Rebound in cotton prices attributed to supply deficit
09 Apr '10
3 min read
According to insights from raw materials experts cited in the analysis, in the next 12 months cotton, key materials used in many healthcare products – will experience price increases as the international economy rebounds, the value of the dollar increases and demand exceeds supply.
Cotton prices have rebounded after the steep decline that coincided with the onset of the credit crisis.
According to Cotton Incorporated's Supply Chain Economist Jon Devine and Senior Manager of Supply Chain Initiatives Jan O'Regan, much of the rebound in cotton prices can be attributed to a supply deficit in the current 2009/2010 crop year. With corn and soybeans offering farmers more attractive returns for the past several seasons, cotton acreage and production have declined worldwide for the past three crop years. Despite the reduction in production last crop year, the reduction in consumption brought about by the weakness in the global economy kept prices low. Due to large numbers of cotton farmers and low cotton prices last year, governments in China and India made significant purchases to reduce excess supplies and support prices.
As the global economy has strengthened over the past 12 months, demand for cotton re-emerged and it is expected that the amount of cotton consumed in 2009/2010 will exceed that amount of cotton that was grown by 13.5 million bales (about 12 percent of 2009/2010 world consumption). Making up this production deficit are cotton stocks. Virtually all of the cotton that was accumulated by China and India has since moved out into the market. When stocks are drawn down, prices tend to increase and this is a major reason why cotton prices have rallied in recent months.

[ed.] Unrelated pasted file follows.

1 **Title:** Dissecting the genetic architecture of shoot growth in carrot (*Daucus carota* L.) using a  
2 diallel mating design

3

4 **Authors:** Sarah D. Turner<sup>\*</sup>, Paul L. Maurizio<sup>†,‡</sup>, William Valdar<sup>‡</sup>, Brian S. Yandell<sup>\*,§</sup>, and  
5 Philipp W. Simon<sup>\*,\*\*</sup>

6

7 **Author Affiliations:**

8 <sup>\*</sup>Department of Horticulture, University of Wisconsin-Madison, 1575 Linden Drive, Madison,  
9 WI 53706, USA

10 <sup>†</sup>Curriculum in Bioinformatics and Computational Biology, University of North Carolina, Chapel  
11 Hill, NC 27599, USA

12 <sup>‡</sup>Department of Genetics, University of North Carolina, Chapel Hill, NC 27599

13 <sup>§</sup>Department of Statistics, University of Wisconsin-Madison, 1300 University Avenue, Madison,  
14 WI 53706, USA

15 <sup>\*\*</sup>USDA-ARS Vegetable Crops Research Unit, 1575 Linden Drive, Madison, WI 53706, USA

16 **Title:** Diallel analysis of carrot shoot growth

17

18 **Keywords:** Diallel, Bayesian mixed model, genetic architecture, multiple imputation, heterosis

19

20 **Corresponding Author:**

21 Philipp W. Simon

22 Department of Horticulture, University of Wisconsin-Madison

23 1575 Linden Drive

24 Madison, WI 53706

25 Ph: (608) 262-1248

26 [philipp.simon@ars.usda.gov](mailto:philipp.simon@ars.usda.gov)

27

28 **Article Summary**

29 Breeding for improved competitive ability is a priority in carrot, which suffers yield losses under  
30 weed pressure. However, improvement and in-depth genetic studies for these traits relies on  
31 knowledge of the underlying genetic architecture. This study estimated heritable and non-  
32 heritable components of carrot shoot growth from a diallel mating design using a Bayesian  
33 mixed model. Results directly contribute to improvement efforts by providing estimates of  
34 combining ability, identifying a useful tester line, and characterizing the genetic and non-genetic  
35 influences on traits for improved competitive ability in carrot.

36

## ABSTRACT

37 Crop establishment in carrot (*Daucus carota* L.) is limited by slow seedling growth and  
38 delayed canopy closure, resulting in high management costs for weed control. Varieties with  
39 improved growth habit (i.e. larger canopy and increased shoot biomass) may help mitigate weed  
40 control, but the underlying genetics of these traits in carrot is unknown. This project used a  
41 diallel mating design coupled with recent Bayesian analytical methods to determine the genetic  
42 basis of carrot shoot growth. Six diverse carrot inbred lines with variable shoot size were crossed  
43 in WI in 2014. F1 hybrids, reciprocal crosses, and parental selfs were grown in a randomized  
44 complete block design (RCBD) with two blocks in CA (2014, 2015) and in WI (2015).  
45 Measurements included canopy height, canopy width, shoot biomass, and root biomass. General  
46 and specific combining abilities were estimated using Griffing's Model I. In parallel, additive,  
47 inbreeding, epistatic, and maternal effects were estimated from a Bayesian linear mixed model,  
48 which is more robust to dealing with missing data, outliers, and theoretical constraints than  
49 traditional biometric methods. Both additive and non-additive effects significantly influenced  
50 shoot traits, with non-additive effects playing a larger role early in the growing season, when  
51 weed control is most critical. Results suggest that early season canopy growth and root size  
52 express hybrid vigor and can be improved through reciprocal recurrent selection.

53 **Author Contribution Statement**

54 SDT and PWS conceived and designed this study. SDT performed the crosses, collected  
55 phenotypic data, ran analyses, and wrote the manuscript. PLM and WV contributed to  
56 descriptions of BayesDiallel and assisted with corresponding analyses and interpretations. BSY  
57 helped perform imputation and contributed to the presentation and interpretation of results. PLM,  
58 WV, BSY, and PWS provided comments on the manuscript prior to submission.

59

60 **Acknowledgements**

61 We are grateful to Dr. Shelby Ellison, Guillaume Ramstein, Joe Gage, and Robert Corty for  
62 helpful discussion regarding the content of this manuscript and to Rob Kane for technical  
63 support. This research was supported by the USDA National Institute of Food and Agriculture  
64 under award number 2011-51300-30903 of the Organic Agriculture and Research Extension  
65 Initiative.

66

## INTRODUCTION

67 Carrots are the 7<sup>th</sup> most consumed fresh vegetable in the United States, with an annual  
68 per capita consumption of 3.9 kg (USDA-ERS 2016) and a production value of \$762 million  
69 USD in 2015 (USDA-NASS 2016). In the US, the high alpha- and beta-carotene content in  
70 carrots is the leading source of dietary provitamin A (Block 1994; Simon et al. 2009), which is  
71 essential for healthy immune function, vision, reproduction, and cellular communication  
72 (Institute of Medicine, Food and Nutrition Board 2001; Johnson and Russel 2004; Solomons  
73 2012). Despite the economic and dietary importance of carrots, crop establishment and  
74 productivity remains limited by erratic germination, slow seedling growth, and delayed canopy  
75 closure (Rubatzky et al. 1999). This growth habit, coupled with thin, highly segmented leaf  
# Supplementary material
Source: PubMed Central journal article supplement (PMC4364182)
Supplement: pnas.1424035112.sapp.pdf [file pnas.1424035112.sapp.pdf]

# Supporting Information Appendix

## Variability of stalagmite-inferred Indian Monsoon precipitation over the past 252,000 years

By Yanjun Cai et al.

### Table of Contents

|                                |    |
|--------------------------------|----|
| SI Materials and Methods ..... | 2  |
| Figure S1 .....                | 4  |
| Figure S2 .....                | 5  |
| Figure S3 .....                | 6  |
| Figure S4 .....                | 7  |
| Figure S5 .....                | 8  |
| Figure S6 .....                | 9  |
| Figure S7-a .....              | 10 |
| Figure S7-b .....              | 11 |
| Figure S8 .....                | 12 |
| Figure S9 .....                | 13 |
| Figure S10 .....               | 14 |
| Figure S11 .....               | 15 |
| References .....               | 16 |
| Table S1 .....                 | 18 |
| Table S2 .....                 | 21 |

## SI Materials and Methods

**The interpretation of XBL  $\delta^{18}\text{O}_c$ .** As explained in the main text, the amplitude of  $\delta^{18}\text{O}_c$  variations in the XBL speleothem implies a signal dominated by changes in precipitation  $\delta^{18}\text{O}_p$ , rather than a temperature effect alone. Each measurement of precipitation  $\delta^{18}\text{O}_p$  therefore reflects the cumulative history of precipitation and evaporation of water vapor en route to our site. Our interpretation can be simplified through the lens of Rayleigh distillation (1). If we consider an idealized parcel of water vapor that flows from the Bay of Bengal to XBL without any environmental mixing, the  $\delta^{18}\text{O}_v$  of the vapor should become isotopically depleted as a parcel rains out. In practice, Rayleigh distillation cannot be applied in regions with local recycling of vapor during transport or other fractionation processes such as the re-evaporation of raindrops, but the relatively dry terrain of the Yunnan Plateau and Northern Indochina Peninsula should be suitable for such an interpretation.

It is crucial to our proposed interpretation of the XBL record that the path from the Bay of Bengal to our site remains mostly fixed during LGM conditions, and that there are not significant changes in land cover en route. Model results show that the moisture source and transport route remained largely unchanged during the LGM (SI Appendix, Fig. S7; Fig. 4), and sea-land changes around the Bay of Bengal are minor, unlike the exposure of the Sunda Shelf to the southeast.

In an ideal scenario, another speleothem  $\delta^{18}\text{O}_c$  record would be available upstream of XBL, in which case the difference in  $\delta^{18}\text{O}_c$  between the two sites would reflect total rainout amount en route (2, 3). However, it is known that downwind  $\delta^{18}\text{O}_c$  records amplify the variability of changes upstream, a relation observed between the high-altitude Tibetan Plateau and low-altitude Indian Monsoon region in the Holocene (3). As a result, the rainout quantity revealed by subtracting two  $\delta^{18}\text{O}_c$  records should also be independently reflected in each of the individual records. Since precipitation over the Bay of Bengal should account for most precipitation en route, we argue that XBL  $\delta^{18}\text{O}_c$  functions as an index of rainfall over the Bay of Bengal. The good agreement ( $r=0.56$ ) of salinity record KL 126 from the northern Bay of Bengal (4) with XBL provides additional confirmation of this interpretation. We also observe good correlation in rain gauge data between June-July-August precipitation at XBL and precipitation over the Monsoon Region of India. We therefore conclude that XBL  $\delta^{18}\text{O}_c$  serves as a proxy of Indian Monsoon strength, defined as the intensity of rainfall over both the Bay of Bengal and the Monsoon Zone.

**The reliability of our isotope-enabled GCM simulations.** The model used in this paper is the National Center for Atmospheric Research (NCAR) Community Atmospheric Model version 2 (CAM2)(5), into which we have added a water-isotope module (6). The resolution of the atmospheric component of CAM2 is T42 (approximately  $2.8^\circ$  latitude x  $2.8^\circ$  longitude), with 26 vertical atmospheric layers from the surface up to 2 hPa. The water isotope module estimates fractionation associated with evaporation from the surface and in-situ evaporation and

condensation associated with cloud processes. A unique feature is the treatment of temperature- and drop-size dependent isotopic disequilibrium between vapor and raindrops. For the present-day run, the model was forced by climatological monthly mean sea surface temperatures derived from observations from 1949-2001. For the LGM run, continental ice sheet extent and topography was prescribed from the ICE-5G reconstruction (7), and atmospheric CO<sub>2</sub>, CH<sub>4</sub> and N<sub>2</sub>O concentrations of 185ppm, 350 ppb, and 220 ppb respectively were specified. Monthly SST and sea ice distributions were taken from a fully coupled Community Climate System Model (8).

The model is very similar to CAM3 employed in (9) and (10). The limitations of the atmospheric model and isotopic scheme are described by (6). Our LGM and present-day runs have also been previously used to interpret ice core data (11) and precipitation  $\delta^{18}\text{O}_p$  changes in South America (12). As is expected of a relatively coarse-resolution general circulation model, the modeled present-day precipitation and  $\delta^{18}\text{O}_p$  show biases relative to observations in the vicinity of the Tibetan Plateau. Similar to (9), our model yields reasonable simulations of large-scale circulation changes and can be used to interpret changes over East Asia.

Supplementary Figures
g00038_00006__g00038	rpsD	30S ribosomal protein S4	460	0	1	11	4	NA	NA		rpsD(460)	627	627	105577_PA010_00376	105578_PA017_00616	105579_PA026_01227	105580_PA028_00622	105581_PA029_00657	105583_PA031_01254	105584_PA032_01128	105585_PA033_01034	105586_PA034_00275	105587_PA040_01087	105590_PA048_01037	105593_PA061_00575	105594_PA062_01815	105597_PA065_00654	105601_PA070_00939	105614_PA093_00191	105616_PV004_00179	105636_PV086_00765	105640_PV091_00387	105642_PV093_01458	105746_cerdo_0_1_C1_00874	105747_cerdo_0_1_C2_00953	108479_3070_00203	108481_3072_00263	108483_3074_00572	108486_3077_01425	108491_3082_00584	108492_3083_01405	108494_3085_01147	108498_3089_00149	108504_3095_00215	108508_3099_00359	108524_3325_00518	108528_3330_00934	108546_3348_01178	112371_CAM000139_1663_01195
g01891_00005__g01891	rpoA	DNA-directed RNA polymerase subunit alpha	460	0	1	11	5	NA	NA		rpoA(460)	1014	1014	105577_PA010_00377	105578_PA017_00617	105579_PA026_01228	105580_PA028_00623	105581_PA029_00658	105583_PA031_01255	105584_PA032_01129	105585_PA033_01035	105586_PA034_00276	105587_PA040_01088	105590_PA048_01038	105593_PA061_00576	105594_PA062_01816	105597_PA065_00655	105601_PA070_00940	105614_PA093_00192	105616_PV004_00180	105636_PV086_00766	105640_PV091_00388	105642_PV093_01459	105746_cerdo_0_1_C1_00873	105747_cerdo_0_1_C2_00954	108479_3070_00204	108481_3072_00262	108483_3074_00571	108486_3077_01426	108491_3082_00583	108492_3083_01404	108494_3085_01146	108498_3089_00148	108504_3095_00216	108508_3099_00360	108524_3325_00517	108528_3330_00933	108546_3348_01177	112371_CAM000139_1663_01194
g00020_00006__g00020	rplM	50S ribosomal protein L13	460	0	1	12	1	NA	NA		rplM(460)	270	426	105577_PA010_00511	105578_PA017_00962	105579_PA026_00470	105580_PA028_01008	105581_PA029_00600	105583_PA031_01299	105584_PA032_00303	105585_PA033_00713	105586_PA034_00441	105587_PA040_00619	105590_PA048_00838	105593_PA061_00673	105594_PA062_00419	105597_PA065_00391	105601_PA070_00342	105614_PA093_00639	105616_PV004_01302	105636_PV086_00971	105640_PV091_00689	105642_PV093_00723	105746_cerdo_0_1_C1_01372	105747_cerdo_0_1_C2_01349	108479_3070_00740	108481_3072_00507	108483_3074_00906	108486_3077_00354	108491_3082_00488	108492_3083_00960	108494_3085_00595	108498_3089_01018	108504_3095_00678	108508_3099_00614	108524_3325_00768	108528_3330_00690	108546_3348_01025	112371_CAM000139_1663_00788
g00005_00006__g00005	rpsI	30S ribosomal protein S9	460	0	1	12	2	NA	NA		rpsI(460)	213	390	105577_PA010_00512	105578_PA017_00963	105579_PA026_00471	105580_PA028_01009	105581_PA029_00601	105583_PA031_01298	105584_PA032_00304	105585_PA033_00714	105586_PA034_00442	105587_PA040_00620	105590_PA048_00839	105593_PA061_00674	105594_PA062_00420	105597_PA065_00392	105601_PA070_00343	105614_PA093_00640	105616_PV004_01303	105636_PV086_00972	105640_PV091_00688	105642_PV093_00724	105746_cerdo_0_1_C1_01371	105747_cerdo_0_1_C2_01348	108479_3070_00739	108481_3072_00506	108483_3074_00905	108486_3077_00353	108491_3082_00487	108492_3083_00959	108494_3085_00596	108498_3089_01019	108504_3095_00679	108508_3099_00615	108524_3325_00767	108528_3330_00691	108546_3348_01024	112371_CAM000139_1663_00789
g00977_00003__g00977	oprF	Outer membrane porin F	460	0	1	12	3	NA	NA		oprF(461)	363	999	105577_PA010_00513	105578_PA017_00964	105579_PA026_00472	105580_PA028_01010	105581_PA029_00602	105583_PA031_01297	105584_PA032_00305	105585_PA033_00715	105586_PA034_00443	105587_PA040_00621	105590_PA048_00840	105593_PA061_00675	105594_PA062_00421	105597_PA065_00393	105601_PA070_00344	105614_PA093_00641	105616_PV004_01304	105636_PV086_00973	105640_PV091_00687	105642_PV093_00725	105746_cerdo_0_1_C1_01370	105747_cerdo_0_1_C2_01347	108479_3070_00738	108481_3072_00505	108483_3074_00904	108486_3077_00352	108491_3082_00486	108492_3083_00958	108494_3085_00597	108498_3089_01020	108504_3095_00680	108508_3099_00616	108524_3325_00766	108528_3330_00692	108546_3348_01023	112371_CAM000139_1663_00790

Devine and O'Regan predict:
• In the short term, which can be defined as the time period before next crop year's harvest becomes available in the fall, prices can be expected to at least maintain their current trading range due to the production/consumption gap. • In the longer term, the question is whether the expected increase in cotton production in 2010/2011 will be large enough to overcome both the production/consumption inherited from the 2009/2010 crop year and any consumption growth in 2010/2011. With cotton prices the most favorable they have been in years, current forecasts project a more than 10 percent increase in world cotton acreage and production in 2010/2011. World cotton consumption is forecast to increase 2 percent in 2010/2011.
Devine and O'Regan emphasize that planting decisions, which are currently being made in major cotton growing countries, and the weather throughout the 2010/2011 growing season are principal sources of uncertainty in the current cotton market.